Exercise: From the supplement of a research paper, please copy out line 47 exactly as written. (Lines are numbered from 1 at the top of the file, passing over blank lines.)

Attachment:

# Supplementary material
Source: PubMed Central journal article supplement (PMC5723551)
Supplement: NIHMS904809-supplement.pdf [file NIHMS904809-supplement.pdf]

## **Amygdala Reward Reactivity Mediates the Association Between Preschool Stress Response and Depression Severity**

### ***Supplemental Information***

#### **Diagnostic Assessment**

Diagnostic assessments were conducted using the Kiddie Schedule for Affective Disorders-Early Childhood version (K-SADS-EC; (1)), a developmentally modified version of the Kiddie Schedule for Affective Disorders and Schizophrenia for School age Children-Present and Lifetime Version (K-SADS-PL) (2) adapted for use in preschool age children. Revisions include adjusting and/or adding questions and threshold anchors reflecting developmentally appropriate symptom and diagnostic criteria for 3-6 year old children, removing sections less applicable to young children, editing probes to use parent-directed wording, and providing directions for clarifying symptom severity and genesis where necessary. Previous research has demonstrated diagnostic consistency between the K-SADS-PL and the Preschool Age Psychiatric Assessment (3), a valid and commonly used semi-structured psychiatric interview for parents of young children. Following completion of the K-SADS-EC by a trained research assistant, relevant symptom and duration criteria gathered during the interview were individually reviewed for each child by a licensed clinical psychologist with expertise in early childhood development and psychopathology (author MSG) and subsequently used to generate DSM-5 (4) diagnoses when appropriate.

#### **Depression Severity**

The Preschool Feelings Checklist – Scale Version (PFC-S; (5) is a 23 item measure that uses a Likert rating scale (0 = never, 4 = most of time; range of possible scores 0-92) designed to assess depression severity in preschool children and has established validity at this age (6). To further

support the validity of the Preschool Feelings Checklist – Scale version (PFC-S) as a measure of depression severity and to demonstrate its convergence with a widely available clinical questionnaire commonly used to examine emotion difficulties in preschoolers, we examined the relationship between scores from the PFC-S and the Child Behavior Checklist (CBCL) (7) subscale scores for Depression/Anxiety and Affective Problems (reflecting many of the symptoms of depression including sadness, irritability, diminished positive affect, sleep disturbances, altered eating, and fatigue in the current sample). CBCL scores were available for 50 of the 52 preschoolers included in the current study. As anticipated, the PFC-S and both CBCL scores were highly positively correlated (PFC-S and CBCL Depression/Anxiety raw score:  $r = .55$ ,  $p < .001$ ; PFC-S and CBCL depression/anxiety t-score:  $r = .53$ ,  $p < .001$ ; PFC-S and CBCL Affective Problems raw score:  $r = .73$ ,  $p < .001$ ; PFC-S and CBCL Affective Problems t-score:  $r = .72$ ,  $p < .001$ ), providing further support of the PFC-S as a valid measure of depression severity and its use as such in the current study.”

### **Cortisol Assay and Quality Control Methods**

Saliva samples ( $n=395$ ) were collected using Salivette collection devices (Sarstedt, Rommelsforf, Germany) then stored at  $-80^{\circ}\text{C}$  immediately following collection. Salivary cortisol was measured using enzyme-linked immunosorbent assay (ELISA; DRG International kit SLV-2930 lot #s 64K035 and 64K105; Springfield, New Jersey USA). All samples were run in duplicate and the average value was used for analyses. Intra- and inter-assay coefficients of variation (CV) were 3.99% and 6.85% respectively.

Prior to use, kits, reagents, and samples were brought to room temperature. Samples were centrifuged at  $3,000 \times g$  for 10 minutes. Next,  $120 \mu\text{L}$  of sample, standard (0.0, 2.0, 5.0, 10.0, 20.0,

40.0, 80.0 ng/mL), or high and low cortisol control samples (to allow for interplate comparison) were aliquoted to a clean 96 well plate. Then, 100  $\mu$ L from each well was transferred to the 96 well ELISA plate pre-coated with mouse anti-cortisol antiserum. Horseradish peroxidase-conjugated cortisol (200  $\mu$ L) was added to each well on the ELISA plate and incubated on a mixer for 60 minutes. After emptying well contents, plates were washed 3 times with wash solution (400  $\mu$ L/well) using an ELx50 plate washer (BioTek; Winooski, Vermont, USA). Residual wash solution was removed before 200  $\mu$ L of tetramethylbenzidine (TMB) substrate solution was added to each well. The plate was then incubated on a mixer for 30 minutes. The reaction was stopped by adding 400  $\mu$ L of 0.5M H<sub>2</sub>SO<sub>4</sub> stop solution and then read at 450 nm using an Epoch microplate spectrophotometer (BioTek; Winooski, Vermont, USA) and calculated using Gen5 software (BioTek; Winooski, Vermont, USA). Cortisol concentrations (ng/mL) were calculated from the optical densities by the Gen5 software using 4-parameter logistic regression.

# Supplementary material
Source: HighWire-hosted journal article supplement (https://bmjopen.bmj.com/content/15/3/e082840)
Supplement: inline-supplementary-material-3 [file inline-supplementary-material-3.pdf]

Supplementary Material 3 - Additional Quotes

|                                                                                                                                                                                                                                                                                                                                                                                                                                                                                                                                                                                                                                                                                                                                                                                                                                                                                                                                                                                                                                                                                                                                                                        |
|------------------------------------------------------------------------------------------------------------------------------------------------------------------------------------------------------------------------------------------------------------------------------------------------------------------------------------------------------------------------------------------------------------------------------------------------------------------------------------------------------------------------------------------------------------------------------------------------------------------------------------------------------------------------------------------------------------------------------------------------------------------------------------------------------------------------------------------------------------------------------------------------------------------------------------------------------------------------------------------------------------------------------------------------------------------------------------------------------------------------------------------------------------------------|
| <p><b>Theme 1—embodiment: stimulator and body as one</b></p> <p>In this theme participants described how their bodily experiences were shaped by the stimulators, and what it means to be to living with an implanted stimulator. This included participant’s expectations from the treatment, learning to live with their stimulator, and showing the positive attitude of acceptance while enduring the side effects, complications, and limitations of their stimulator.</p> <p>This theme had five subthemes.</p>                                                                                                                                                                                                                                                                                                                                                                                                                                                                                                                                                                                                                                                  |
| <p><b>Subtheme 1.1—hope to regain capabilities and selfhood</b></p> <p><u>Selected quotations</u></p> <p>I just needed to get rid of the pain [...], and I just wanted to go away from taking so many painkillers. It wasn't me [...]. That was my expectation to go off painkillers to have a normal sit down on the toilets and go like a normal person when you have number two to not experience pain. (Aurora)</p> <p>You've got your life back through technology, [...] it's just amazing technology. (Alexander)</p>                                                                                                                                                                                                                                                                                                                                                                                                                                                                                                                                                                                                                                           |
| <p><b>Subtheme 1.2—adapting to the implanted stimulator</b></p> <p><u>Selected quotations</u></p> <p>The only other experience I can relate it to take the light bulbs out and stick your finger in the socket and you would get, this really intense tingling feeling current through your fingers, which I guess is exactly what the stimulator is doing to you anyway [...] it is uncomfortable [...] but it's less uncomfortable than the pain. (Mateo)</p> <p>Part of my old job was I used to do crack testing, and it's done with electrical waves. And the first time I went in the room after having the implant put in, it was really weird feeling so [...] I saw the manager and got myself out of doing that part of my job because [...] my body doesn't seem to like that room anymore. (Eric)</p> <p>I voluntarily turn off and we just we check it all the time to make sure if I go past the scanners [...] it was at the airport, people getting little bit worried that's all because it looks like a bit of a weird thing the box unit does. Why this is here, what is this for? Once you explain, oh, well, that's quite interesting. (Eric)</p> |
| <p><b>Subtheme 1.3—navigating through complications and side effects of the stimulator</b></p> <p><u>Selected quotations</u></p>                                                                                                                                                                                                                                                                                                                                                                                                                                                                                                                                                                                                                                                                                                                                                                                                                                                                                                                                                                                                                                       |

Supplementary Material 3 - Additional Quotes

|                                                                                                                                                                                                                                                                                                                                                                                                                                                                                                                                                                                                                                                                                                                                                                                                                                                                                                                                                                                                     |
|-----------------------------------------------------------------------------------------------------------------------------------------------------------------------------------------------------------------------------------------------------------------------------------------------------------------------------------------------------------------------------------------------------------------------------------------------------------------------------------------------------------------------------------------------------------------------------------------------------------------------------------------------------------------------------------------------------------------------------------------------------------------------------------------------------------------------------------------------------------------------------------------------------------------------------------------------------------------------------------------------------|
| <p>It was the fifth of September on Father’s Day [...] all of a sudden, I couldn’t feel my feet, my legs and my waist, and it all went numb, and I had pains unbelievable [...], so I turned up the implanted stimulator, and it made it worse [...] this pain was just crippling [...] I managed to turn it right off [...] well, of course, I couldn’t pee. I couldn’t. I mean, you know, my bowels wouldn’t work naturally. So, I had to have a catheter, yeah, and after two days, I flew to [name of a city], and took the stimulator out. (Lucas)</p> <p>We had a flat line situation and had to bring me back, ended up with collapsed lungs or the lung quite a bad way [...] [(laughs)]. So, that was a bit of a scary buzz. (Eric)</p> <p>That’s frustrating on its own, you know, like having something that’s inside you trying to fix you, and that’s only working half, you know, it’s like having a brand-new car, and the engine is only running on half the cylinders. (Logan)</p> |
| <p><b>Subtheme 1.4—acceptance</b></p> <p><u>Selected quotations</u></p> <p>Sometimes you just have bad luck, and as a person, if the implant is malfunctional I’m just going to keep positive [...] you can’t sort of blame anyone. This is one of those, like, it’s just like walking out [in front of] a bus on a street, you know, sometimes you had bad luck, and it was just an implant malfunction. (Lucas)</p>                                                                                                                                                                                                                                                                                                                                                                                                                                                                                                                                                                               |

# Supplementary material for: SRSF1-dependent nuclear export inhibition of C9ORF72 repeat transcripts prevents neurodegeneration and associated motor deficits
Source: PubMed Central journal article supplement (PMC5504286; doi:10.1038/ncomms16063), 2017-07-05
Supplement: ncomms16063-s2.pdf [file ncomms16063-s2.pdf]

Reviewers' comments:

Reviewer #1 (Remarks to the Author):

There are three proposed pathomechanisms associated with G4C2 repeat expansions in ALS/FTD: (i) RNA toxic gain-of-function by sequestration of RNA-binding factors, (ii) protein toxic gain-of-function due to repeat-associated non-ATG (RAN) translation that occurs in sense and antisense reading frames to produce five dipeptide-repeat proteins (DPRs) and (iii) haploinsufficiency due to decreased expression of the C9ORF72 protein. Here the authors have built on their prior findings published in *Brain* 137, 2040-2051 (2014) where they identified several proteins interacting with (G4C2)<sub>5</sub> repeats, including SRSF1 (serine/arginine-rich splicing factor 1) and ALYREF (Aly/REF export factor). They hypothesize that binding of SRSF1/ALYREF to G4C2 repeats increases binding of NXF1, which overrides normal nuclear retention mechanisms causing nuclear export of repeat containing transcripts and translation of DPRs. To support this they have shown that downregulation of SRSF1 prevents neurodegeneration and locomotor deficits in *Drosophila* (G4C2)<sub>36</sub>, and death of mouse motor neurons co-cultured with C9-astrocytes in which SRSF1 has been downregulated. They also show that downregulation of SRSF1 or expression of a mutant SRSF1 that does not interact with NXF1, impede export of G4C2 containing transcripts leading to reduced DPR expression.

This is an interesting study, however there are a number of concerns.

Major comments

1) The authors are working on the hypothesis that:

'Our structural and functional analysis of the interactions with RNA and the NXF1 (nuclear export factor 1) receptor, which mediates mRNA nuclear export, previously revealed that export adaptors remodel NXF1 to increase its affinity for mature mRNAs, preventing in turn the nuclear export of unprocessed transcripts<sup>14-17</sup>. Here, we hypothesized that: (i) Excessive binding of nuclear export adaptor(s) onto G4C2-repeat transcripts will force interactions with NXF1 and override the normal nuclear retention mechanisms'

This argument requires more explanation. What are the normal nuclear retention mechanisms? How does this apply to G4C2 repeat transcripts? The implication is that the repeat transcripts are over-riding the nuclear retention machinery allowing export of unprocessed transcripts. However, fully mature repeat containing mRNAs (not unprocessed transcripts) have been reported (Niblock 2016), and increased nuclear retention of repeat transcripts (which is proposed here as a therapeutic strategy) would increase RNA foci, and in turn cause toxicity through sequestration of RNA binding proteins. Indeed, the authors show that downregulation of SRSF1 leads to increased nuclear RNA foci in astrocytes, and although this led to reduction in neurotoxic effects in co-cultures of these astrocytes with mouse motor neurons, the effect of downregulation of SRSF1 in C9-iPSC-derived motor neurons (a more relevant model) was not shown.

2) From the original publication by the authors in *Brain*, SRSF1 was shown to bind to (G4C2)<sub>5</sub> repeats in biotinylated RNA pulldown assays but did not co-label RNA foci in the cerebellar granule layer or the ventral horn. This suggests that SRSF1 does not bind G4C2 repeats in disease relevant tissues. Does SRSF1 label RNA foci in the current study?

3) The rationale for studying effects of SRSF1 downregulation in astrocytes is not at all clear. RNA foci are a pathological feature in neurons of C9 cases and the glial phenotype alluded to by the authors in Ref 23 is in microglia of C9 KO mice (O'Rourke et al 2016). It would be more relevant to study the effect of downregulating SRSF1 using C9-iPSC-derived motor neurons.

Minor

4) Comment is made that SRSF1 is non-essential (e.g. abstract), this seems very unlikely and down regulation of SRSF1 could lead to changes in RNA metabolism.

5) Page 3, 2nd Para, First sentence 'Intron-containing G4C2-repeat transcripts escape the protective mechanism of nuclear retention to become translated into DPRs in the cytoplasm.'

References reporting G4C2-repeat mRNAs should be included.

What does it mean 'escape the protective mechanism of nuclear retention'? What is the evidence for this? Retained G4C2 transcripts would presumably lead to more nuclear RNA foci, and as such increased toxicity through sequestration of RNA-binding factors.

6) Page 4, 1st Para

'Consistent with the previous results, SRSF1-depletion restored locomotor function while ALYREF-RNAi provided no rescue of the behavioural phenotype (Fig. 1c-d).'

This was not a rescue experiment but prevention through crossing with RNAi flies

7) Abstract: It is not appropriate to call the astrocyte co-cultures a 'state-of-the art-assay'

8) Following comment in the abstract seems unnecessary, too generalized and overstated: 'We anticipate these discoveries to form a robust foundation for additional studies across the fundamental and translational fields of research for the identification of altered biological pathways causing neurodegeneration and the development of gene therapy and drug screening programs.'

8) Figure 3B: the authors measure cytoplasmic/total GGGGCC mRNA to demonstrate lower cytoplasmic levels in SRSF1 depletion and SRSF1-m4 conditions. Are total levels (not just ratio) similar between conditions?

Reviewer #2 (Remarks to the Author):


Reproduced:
What does it mean 'escape the protective mechanism of nuclear retention'? What is the evidence for this? Retained G4C2 transcripts would presumably lead to more nuclear RNA foci, and as such increased toxicity through sequestration of RNA-binding factors.